Wildfires are a serious threat in Hawaiʻi for a variety of reasons. Wildfires can harm our native ecosystems, which aren’t equipped to deal with regular fires. When forests in Hawaiʻi are burnt by wildfires, they may not come back in quite the same way: instead of native trees, invasive plants and fire-prone grasses can take over the landscape. The results can be far reaching, as reductions in native forests can lead to decreased water quality, increased erosion, and damage to coral reefs from sedimentation and nutrient loading. Hawaiʻi’s is also home to an amazing array of native plants and animals, some of which are found nowhere else in the world. Protecting Hawaiʻi’s forests from wildfires means protecting habitat for Hawaiʻi’s native species.
You can prevent wildlfires
In Hawaiʻi, roughly 90% of wildfires are caused by humans. The most effective fire prevention tool is you! Check out the resources below to help prevent fires before they start, and to know how to prepare and respond to fires near you.
Going camping in Hawaiʻi? Smokey has some tips on how you can prevent wildfires.
Keiki can help! Avoid playing with matches or fireworks outdoors, and if you see a fire: don’t stall, call 911.
What about wildfires near your home? Use the Ready, Set, Go action guide to prepare your home and family (from the Hawaiʻi Wildfire Management Organization)
Learn about wildfire in Hawaiʻi from Kaleo the Pueo, from the Hawaiʻi Wildfire Management Organization
Our Wildfire Response Program
The Division of Forestry and Wildlife (DOFAW) is the primary responder for wildfires on lands managed by DOFAW, which accounts for 26% of the land statewide. DOFAW co-responds with county fire departments and federal agencies to an additional 32% which is determined by Mutual Aid Agreements and Memoranda of Agreement or Understanding. Thus, DOFAW is responsible for fire response for nearly 60% of the land statewide.
According to the Pacific Fire Exchange, the percentage of land area burned per year in Hawaii exceeds the national average, and some years surpasses the western states. Occurring throughout the islands and during every season of the year, wildfires are fueled by fire-tolerant invasive grasses and changing climatic conditions, including warmer temperatures and periods of drought.
DOFAW has adopted an Operations Policy Handbook which specifies its standards for prevention, presuppression, and suppression. The document provides a structured approach in providing for public/firefighter safety and minimizing damage to Hawaii’s environment. Funding for the DOFAW Fire Management Program is provided by the state’s general fund and federal cost share programs through the U.S. Forest Service. Additionally, DOFAW is a key agency within the State that can trigger provisions of the Stafford Act (Fire Suppression Assistance) which provides for Federal Emergency Management Agency (FEMA) funding assistance in situations where forest and grass fires on public or private lands threaten a major disaster to communities and economies.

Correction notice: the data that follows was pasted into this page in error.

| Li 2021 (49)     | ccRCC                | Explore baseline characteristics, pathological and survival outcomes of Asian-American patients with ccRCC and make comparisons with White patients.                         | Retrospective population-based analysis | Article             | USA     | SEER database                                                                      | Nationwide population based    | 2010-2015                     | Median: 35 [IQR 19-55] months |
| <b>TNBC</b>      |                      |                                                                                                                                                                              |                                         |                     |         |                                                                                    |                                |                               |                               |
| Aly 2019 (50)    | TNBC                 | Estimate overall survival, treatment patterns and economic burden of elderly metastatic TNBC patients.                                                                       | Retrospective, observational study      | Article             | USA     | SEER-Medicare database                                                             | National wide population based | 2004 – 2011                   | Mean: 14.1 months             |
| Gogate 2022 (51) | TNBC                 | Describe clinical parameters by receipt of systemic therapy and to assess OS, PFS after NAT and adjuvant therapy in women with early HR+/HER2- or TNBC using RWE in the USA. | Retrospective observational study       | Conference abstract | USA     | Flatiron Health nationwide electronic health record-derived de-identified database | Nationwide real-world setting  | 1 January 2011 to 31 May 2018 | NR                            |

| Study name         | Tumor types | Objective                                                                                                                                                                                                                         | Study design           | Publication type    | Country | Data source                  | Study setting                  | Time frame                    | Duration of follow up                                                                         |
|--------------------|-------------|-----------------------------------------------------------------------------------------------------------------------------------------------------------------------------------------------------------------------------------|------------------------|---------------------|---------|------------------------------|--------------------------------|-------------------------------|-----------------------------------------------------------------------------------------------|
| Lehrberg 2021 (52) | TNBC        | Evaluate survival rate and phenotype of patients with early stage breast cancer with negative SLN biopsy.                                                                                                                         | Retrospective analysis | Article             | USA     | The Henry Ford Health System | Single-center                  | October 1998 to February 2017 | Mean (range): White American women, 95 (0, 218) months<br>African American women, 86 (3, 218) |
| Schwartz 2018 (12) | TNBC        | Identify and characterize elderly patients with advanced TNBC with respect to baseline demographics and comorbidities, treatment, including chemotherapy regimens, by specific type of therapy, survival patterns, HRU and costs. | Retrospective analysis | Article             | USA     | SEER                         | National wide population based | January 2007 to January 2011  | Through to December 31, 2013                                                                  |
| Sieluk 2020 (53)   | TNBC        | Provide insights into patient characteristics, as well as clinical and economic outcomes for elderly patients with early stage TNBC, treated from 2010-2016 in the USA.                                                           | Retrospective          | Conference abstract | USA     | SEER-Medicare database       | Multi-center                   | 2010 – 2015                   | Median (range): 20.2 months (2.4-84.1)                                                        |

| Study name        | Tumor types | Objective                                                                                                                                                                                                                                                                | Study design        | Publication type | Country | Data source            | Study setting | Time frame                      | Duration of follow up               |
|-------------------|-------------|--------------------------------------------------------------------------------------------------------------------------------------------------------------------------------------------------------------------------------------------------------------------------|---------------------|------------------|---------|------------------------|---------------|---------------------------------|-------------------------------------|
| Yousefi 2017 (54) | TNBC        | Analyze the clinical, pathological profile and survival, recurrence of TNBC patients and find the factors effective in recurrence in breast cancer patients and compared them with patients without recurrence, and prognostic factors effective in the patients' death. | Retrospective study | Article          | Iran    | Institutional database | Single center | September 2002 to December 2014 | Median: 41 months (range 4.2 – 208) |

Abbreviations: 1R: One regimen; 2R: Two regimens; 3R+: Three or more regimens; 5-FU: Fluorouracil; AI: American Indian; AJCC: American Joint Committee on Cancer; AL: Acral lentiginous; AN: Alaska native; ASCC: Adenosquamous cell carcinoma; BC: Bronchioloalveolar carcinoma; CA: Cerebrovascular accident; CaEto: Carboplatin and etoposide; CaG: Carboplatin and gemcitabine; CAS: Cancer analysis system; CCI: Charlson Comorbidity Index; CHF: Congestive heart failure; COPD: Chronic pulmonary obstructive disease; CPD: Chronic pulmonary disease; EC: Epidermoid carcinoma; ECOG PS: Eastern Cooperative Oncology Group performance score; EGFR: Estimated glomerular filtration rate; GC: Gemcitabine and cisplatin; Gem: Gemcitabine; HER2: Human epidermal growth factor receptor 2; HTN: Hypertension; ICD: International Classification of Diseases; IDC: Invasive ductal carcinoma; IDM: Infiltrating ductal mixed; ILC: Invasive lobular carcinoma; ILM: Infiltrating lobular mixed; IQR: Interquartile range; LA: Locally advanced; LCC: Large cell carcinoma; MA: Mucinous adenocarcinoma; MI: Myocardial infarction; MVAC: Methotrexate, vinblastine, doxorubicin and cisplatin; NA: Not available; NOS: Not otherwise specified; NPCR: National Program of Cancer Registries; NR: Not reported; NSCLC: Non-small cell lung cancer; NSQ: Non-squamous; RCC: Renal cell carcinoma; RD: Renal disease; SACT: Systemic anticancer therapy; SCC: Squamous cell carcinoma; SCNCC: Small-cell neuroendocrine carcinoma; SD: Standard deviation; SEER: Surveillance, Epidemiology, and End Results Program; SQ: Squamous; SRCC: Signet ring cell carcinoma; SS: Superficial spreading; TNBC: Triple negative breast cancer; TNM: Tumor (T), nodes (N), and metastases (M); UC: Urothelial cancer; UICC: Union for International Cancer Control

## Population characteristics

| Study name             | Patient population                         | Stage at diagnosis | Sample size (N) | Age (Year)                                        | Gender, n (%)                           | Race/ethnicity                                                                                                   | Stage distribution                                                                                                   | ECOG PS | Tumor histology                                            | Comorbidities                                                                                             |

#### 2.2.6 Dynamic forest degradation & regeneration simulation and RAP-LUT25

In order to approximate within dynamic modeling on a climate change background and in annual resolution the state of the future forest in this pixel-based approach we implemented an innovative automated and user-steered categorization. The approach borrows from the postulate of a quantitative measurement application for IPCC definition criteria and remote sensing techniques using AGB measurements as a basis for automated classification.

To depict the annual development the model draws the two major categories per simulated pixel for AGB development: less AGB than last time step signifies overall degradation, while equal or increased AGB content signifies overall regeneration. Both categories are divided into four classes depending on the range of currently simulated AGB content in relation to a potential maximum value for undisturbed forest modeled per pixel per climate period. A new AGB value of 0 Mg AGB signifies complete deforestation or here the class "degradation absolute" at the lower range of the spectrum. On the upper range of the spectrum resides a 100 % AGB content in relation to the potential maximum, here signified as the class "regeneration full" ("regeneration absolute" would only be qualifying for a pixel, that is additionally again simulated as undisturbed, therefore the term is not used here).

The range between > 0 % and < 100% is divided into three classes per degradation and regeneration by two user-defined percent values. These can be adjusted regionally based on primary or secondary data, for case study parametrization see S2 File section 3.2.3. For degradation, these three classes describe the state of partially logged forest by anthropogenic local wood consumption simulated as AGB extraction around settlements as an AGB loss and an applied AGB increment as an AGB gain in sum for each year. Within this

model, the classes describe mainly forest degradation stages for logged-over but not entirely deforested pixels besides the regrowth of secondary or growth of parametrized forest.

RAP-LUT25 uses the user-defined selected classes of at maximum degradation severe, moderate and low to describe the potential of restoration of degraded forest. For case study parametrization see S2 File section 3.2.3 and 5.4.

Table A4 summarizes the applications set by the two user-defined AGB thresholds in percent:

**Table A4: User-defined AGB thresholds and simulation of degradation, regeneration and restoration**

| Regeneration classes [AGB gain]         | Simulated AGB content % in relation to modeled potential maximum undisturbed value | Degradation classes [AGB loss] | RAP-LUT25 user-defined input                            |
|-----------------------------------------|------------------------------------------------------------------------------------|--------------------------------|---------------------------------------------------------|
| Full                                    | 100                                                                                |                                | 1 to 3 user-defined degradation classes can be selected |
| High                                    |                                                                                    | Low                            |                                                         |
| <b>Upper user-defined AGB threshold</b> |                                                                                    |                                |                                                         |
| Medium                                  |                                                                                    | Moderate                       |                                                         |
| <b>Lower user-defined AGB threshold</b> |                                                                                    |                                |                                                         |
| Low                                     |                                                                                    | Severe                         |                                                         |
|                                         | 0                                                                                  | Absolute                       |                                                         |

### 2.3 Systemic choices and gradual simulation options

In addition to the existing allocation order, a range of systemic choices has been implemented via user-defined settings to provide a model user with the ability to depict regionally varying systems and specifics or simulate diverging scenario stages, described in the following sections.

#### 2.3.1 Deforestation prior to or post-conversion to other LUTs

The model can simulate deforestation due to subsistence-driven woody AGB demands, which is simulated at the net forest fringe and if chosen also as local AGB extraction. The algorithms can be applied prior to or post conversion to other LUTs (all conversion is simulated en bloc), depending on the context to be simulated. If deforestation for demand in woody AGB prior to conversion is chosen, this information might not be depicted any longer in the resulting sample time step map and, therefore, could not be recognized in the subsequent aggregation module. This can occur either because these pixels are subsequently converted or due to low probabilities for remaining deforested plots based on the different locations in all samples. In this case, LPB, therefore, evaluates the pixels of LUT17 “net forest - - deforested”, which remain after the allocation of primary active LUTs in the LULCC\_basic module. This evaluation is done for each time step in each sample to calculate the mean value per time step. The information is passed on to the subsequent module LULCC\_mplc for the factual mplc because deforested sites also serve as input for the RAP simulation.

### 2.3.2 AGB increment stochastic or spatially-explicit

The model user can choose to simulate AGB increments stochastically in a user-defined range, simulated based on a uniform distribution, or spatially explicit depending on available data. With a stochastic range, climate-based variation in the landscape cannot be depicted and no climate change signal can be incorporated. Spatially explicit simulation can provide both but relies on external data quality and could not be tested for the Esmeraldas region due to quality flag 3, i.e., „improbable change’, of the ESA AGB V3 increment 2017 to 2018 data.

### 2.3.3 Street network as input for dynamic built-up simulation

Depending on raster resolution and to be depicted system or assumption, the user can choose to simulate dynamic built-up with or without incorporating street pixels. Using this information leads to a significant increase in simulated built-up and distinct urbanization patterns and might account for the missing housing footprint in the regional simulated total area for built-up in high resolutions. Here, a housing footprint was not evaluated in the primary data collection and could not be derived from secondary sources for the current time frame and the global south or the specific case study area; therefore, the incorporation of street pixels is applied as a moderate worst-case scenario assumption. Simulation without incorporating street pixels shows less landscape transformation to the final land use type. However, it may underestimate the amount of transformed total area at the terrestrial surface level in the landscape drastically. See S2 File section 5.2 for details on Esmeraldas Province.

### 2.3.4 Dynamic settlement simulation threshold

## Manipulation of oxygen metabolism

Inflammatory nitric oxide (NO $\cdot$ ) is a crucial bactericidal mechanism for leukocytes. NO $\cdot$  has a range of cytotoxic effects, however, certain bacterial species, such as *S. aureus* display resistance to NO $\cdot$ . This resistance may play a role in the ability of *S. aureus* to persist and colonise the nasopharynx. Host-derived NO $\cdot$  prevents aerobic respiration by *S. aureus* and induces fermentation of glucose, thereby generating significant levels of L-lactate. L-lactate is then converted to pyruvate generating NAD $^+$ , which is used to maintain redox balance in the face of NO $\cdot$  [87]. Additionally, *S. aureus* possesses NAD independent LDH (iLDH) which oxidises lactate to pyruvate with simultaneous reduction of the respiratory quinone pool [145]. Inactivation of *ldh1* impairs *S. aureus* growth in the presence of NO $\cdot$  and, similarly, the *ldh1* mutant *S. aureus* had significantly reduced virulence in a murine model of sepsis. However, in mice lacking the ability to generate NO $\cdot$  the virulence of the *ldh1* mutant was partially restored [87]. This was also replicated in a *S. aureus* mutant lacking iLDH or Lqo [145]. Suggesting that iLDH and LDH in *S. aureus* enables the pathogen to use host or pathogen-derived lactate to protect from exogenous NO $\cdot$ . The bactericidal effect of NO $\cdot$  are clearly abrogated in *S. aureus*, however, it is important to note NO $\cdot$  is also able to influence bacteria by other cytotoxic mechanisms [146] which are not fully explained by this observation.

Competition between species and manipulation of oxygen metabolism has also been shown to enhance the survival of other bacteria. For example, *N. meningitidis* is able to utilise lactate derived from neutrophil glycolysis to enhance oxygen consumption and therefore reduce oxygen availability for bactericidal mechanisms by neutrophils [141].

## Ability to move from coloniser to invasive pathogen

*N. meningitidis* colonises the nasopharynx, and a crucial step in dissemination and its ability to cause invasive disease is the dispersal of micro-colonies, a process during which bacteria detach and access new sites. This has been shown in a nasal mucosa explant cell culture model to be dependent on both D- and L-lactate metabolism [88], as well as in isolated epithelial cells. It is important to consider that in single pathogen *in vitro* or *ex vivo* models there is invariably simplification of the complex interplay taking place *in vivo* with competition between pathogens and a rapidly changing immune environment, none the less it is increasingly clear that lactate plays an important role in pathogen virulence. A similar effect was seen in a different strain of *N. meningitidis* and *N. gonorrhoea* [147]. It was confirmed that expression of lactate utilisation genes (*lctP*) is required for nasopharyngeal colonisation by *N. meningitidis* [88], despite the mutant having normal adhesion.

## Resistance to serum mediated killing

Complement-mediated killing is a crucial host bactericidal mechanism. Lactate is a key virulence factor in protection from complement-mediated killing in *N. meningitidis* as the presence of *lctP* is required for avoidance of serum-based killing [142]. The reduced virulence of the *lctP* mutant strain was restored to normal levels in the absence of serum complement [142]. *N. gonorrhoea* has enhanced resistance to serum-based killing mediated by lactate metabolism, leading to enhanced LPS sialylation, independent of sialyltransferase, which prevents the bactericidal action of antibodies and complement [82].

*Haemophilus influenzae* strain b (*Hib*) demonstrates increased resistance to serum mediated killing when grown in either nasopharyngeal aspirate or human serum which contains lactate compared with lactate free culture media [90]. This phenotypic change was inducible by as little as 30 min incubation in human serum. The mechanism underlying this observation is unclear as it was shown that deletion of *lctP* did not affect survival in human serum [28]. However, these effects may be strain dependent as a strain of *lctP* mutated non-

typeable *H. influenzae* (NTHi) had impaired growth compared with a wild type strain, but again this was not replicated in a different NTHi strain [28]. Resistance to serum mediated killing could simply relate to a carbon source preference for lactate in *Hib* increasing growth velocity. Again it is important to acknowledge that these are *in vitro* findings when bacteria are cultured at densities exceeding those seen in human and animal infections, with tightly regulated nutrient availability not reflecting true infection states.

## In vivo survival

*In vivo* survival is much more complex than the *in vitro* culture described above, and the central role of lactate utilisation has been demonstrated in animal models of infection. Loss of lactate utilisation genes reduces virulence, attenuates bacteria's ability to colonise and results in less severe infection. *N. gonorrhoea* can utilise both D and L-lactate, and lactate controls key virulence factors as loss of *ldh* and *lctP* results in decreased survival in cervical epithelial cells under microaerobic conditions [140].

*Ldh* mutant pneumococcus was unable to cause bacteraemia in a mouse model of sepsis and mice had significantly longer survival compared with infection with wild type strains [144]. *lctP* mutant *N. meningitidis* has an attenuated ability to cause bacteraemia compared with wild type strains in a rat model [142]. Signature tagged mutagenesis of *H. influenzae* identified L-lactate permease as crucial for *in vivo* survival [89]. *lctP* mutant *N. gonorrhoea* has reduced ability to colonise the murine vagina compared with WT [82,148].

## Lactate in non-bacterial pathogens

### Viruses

Historically, DOFAW relied on a system of district fire wardens to help suppress fires in rural settings. Because of their location and distribution throughout the islands, many plantations and ranchers served an effective network of partners who could respond with their work force and equipment to extinguish wildland fires in a timely fashion. Decline in these industries saw the demise of this special partnership. In the meantime, local fire departments improved their capabilities by increasing the number of stations and personnel principally in response to the growth of the islands’ population and the resultant urban sprawl. The improved fire protection served to provide extended coverage to rural and wildland areas as well. However, there was a need to clarify these relationships because DOFAW, which has no full-time firefighters like the dedicated fire services, was often requested to respond to fire situations outside its legal jurisdiction. The consequence was the rapid depletion of its own fire suppression funding and subsequent inability to address fire threats on land under its own jurisdiction. To still meet its legal fire protection mandate for state-owned lands and honor its partnership with other fire services, DOFAW negotiated with its local fire departments and established cooperative mechanisms for prevention, presuppression, and suppression measures by way of Mutual Aid Agreements and Memoranda of Agreement or Understanding. Fire Maps were also drawn to delineate agency fire responsibilities.
DOFAW personnel are primarily natural resource managers, foresters, biologists, and technicians and are not full-time wildland firefighters. Firefighting is one of the many duties performed by DOFAW personnel.
Annual accomplishments are based on statewide prevention, presuppression, and suppression activities. An annual report is generated based on these accomplishments. A copy of the results is sent to Region 5 of the U.S. Forest Service to fulfill its obligation under the Cooperative Fire Assistance Program. Please contact DOFAW for fire annual reports and data.